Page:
It is always, ALWAYS a Bad Idea to say anything to a gun dealer which may lead him to believe you are interested. I wasted five minutes listening to his tales of the Mighty Forty, the Wonderful (all steel) 4006, and what a "stopper-cartridge" it was.

Then he hits me with the bad good news: ONLY $895!

Just to impress me, he adds that S&W only made (I don't know, some obscure like "235 of them", and adds: "I have twelve". I think I was suppose to be impressed.

I'm looking around, he's got a steel gun-cabinet (rifle-length floor model, looks like a 5- or 6-gun capacity), also priced at ONLY $895.

Scooting for the door, I make the final mistake of actually listening to his "I See A Customer Heading For The Door" spiel. If I am a 'close' family member of a serving member of the military, he will sell me a special-order firearm without charging me the usual price for "special order" firearms. (Anything that he had on his shelf, of course, was not subject to any kind of discount.)

It took me another five minutes to get out the door. And it struck me, as I as leaving, that there was something peculiarly WRONG with his salesmanship.
  • I wasn't greeted as if I was a valued customer.
  • In fact, he acted as if I was an inconvenience, and I was stupid to have walked through the (unlocked) door during posted business hours.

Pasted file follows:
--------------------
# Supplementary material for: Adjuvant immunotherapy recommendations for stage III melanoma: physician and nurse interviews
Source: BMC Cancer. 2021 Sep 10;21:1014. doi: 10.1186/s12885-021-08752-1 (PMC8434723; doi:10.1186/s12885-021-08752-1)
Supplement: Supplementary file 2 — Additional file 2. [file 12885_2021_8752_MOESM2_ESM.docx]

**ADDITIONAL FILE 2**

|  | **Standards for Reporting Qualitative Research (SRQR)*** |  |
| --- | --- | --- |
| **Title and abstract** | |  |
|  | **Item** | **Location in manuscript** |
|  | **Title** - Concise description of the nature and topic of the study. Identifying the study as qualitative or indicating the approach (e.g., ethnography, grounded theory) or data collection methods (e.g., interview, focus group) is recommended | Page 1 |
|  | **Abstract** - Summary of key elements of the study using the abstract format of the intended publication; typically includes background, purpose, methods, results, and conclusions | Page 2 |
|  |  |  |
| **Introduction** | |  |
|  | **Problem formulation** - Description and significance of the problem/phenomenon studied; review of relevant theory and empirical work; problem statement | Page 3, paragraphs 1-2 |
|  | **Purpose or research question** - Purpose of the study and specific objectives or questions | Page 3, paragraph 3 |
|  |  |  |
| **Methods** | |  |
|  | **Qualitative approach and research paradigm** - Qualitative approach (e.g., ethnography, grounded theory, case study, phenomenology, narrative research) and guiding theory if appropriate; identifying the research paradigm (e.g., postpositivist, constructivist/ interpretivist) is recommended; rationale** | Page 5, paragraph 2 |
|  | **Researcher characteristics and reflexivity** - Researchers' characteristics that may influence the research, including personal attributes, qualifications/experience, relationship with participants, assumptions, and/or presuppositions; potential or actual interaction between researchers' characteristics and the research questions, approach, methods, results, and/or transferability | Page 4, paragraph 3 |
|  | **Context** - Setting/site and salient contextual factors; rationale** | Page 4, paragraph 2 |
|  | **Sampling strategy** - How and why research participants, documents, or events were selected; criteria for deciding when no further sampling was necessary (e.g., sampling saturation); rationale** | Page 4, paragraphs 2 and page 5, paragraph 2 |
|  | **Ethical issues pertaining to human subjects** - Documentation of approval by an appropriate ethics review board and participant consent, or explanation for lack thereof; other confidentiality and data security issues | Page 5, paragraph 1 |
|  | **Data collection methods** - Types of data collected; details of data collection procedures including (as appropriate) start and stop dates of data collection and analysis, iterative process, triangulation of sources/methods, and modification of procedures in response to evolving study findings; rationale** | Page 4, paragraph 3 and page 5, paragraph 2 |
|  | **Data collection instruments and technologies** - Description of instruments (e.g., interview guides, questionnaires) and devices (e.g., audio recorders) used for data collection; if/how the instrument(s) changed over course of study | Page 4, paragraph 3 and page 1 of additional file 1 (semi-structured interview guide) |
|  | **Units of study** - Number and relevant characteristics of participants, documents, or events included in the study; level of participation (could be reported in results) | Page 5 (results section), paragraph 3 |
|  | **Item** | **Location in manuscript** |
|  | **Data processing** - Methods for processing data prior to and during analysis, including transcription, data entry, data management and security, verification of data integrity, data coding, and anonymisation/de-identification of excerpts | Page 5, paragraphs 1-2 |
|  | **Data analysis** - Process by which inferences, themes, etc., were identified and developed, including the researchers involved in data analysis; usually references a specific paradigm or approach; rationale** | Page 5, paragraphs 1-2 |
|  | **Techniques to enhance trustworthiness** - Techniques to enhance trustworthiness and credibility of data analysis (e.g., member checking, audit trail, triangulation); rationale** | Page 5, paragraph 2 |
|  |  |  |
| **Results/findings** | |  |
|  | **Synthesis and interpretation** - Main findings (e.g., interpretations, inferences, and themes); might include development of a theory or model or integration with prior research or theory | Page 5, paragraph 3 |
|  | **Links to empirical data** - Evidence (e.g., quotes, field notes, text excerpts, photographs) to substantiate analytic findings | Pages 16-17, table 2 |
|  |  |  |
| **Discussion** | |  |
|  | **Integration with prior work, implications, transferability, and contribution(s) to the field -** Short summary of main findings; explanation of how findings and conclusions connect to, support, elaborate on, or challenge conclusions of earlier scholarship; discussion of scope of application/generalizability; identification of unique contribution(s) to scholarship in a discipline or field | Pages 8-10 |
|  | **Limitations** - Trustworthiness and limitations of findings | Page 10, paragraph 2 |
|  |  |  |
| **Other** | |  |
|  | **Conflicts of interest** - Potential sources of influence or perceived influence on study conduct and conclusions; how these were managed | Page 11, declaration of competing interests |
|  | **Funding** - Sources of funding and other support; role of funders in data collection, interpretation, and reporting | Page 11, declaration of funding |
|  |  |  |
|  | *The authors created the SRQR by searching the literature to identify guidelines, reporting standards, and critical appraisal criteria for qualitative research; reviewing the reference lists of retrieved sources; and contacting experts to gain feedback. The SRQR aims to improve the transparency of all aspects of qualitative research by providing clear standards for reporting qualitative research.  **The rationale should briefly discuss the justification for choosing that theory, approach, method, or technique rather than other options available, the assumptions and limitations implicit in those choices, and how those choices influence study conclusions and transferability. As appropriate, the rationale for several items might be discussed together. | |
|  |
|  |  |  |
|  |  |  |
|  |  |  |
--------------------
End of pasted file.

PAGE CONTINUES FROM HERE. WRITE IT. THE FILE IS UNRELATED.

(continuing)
• He didn't have what I was looking for in any kind of variety except for a very narrow (and not widely popular version).
  • He didn't seem interested in trying to find out MORE about what I wanted, or offering suggestions that might be helpful to me.
  • He wasted my time in trying to sell something to me ... a product in which I was obviously NOT interested.
  • He made it clear that a pistol (which was so widely unpopular that there was only a very limited run) was something in which he was obviously overstocked.
  • And he put a premium price on the pistol.

The guy had a very classy store front, and obviously is living off his inheritance because I cannot see how a man with a narrow inventory, a narrow mind, closes his shop arbitrarily early and has no people skills ... can stay in business without an extraneous source of income.


The best gun store I even patronized was in Salem about 10 years ago. The owner was a guy whose hobby was trapping. He opened the store to sell trapping supplies. Because that didn't fill many shelves, he also added a 12-point indoor shooting range, rented guns for the range, sold a LOT of reloading components at a competitive price, had an in-store gunsmith, had a very wide range of both new and used firearms (and ammunition, holsters, and other accessories), sold the brass swept up from the range as "once-fired brass" at a reasonable price, and always had at least three salesmen on the floor besides the guy who ran the indoor-range (gun rental) counter.

That store would have been open .. and profitable .. indefinitely, except that one day he became despondant that he wasn't selling any traps, lost interest in the store, and arbitrarily just closed it down. Almost overnight.

What IS it about Gun Store Owners that they can be so clueless?

Tuesday, May 03, 2011

Who is "Seal Team 6"?


I don't know, you don't know, and I'm not completely convinced that the folks who produced this article / "app" really know who or what Seal Team 6 is, either.

But I HAVE read one of Richard Marcinko's books. (He has published over a dozen books, most of them in the "Rogue Warrior" series. Most, if not all of them, are available at